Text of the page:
Over the past year, at an ever-increasing rate, a number of interesting conversations have been taking place about Jewish Community, Jewish communities, and urban renewal.
I have had the opportunity to speak on a number of these topics, from the Birthright Next Conference in New Orleans, Synagogue 3000's Next Dor conversation in New York, and the recent conference on Rebuilding Jewish Communities in Detroit.
It certainly seems as though these conversations are coming to a head.
Recently, the Editor of David's Voice (my brother), wrote an interesting article about the role and responsibilities of the Jewish community in Cincinnati to the city itself, its history, legacy, and future. He writes:
And now the challenge is upon us again. I feel like it is our responsibility, as Jewish Cincinnatians, to help our city at large and help save another part of what gives our city its definition, the Over-the-Rhine neighborhood. In short, we can’t let the past slip away. I implore you to learn more about the history there, to take one of the brewery tours (which are fantastic - http://www.otrbrewerydistrict.org/) or even just take a stroll down one of its enchanting streets. I think you will begin to see why what we have there is worth saving.
In many of the conversations I have been a part of, this idea has constantly resurfaced; Jews have often played a large role in the development of the cities in which they find themselves, but what about the redevelopment?
As young adults today, we have more mobility than ever, that when coupled with the allure of bigger cities, is often irresistible. And why not? Bigger cities mean more jobs, more culture, a larger dating pool, and a sense of adventure.
How can cities like Cincinnati, Detroit, and St. Louis stand up to all that New York, Chicago, and San Francisco have to offer?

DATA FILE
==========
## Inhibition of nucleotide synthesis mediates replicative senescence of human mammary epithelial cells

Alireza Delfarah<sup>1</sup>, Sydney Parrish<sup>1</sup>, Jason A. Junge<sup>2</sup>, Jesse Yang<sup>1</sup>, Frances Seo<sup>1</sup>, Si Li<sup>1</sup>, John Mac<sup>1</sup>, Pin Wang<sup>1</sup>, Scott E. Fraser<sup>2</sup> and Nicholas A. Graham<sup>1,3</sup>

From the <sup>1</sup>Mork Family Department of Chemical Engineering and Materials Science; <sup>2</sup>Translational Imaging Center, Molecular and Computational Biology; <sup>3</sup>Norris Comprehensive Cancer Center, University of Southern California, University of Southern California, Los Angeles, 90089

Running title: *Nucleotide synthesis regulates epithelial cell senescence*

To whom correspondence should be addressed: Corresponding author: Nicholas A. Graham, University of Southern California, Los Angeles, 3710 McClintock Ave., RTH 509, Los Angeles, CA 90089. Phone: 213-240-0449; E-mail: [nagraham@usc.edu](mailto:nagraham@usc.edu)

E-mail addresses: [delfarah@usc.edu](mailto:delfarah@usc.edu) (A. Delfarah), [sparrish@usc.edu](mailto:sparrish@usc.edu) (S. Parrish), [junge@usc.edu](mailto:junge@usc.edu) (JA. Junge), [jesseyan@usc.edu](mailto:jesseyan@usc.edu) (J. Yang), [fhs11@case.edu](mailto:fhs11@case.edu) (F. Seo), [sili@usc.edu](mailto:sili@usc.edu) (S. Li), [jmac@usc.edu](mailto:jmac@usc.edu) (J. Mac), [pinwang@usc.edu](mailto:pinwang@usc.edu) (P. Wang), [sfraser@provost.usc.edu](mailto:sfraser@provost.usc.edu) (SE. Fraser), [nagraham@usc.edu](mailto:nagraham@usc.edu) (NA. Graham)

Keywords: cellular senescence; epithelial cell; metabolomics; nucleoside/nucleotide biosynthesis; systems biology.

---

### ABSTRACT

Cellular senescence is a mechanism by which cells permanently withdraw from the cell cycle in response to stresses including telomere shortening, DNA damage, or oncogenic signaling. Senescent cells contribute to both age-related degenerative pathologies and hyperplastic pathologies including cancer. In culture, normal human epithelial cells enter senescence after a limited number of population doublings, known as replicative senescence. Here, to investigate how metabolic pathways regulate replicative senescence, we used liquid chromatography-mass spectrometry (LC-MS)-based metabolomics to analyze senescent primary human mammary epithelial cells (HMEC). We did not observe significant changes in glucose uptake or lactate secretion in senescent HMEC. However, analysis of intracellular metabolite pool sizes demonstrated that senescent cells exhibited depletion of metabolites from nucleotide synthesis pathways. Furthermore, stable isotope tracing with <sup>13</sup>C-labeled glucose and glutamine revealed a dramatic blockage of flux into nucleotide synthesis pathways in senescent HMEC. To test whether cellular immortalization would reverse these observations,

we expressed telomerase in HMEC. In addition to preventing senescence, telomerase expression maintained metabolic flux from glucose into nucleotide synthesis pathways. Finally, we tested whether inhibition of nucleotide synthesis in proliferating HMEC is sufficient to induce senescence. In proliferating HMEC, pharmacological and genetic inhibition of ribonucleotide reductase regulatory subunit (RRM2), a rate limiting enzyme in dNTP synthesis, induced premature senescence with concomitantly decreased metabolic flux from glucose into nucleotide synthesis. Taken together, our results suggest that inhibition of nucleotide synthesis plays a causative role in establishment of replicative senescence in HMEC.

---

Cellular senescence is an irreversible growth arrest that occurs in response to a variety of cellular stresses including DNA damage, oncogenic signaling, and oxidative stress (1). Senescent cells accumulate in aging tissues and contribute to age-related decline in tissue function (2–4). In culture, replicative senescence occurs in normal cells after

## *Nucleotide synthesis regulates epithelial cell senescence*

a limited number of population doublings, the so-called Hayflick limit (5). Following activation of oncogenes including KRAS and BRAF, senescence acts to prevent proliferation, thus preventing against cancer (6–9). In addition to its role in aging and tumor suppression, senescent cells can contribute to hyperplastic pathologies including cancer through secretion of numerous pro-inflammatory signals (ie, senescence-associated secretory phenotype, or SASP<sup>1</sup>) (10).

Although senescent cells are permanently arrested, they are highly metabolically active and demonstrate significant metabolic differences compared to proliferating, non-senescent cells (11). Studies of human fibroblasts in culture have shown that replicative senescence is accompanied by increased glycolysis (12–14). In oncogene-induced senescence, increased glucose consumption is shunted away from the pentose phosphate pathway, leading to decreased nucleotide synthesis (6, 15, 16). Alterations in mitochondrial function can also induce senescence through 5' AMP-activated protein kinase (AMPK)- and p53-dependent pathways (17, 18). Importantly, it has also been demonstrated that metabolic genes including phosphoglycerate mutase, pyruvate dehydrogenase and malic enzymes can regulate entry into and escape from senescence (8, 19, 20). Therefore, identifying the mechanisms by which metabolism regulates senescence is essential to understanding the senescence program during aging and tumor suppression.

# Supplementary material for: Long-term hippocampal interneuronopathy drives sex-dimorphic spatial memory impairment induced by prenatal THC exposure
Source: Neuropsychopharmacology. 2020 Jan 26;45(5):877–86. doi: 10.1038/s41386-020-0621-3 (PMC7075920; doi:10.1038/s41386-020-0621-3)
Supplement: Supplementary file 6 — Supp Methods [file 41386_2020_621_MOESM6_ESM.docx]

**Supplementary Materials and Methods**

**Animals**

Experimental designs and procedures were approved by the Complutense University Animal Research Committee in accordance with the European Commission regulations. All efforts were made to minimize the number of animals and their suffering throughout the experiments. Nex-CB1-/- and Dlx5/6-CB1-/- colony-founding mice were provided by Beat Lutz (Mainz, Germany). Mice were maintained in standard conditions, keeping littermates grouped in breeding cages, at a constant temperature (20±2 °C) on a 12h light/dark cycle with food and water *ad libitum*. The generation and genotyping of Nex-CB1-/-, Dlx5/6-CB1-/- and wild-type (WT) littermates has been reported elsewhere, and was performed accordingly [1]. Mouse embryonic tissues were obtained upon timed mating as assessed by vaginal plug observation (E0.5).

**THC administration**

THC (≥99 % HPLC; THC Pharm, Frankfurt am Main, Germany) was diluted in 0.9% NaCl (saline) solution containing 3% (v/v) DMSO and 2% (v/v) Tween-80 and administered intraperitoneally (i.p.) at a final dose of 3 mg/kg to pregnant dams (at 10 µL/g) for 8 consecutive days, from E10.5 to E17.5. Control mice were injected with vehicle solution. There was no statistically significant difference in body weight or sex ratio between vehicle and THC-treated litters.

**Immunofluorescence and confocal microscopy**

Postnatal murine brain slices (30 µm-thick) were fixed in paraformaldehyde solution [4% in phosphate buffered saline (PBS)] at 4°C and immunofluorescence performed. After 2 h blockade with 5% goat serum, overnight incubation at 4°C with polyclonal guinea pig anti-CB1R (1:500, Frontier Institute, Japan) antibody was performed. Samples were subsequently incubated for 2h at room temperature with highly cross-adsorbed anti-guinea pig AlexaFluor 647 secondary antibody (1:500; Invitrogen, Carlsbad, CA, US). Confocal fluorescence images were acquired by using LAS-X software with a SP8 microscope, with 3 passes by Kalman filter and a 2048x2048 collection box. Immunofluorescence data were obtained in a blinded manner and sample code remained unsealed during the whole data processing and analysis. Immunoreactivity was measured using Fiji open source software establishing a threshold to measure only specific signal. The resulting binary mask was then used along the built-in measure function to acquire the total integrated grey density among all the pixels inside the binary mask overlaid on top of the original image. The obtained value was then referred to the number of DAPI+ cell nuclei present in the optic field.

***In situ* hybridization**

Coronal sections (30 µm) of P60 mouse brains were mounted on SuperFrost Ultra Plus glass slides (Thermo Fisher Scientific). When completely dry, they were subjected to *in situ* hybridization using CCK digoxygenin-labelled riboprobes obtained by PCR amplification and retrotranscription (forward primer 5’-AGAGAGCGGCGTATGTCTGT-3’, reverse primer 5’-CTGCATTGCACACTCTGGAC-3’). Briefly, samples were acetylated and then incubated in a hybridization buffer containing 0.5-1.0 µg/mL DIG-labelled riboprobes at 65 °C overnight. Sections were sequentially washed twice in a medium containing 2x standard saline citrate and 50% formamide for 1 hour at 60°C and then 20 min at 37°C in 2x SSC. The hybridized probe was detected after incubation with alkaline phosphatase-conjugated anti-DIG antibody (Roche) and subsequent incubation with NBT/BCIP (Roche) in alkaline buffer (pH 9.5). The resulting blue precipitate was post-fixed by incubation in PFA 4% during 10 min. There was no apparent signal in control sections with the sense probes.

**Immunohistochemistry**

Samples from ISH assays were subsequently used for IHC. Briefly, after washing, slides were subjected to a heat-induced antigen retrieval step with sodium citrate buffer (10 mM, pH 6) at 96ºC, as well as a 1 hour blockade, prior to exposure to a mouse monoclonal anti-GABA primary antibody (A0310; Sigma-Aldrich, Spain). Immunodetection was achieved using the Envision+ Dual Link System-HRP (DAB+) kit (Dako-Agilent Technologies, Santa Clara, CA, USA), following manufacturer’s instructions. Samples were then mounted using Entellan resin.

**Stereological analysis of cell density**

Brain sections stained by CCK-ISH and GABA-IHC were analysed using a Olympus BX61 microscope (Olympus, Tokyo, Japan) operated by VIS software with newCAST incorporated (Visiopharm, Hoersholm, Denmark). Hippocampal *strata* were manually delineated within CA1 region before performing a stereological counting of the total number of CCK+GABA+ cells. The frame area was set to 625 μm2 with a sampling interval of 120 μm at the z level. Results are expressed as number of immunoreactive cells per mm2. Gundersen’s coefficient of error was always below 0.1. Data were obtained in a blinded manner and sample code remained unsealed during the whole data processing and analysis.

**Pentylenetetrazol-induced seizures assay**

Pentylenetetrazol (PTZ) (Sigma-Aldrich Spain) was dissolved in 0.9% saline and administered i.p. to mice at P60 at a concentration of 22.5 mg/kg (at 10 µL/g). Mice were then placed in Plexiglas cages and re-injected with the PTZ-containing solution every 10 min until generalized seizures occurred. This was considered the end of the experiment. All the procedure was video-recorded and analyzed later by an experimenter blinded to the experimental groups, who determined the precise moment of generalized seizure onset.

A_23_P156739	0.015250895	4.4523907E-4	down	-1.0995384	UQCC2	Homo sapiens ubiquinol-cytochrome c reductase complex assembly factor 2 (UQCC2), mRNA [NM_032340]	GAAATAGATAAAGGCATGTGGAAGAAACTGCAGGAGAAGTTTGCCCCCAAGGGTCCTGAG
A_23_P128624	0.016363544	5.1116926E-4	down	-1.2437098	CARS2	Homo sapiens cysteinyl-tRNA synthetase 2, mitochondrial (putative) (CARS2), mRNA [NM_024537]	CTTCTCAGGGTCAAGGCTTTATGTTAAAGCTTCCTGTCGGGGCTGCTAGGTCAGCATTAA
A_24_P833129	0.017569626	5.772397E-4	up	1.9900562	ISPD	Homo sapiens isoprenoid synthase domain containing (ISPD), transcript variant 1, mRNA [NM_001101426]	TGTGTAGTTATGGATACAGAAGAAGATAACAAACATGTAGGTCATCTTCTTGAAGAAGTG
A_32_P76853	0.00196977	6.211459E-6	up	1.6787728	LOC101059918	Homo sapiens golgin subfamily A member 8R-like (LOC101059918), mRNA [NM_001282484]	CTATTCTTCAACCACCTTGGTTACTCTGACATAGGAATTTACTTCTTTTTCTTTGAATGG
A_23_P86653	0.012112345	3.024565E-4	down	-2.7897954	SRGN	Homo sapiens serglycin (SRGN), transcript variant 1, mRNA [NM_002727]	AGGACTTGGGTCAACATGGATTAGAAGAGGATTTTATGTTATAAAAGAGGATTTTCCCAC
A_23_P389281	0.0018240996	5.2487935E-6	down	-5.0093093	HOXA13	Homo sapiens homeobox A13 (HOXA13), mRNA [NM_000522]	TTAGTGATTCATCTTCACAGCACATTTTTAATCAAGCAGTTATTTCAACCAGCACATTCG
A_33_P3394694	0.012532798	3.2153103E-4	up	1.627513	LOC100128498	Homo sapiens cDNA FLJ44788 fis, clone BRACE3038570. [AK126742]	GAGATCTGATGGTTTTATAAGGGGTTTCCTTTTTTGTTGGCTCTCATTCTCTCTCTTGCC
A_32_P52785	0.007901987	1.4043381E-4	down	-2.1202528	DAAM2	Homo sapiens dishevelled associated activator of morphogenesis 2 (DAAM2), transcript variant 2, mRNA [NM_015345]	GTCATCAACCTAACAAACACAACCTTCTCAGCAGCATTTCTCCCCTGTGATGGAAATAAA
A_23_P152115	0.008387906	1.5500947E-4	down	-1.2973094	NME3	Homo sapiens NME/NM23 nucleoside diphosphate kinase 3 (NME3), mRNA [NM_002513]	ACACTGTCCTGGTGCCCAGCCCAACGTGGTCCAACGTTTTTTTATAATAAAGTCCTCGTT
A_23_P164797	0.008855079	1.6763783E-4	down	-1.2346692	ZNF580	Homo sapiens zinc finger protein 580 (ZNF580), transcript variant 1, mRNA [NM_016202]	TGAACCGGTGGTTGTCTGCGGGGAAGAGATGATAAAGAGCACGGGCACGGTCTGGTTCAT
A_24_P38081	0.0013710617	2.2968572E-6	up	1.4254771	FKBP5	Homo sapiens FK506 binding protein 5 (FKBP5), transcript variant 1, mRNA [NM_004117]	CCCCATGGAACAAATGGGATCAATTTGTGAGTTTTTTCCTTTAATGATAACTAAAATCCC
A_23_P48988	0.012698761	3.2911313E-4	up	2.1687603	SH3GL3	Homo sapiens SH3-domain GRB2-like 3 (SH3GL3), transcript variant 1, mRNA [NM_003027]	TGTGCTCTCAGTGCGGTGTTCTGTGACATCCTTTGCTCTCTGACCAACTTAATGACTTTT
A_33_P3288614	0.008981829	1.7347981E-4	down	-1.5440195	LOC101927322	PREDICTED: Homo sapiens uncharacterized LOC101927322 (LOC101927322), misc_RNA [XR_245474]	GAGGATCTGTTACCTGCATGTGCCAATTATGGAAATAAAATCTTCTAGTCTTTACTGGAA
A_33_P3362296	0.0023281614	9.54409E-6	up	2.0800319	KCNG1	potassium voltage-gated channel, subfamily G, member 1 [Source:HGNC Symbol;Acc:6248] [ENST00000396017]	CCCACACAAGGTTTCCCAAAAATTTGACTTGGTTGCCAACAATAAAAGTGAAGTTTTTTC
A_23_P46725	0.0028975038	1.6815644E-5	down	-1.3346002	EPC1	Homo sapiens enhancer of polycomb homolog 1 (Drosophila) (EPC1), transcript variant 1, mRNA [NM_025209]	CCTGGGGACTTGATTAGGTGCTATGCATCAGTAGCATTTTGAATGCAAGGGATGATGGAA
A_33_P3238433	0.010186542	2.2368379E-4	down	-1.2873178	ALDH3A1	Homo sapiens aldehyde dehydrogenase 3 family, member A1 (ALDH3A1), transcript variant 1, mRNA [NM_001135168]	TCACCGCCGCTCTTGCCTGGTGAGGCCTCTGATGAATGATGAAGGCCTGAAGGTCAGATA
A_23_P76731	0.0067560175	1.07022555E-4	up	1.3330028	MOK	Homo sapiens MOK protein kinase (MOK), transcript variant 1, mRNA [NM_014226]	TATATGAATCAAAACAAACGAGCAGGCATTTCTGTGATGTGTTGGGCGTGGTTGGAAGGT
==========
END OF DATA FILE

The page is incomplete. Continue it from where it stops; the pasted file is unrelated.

The first way, as the David's Voice piece alludes to, is the there actually are quite a few interesting things already happening in our cities, but we are often so out of the loop that we have no idea. I spoke with a girl from St. Louis who is currently studying in Texas yesterday. She group us where most of the Jews did, hearing the same tired refrain that the city was dangerous, and as a result, never learned much about it. I started telling her about some of the neighborhoods and haunts I like and she responded with a bit of bewilderment. She hadn't even considered St. Louis as an option, because she knew nothing about it.
The second area in which smaller cities can compete is by emphasizing the functional gaps that do exist and presenting them as opportunities for willing entrepreneurs. I spoke with a friend yesterday who received a prestigious fellowship that will set him up for success in a new educational venture he hopes to launch. If he can be properly connect to venture capital, mentors, and human capital in St. Louis, he might be willing to start the company locally. We need to look to Washington University, among others, as a resource to connect him with young programming and leadership talent. Not only will this help him access the talent pool he needs, but it will also keep that talent in the area.
But the responsibility doesn't just rest on the secular leadership of the city. Jewish communities must take leadership roles by creating and contributing to: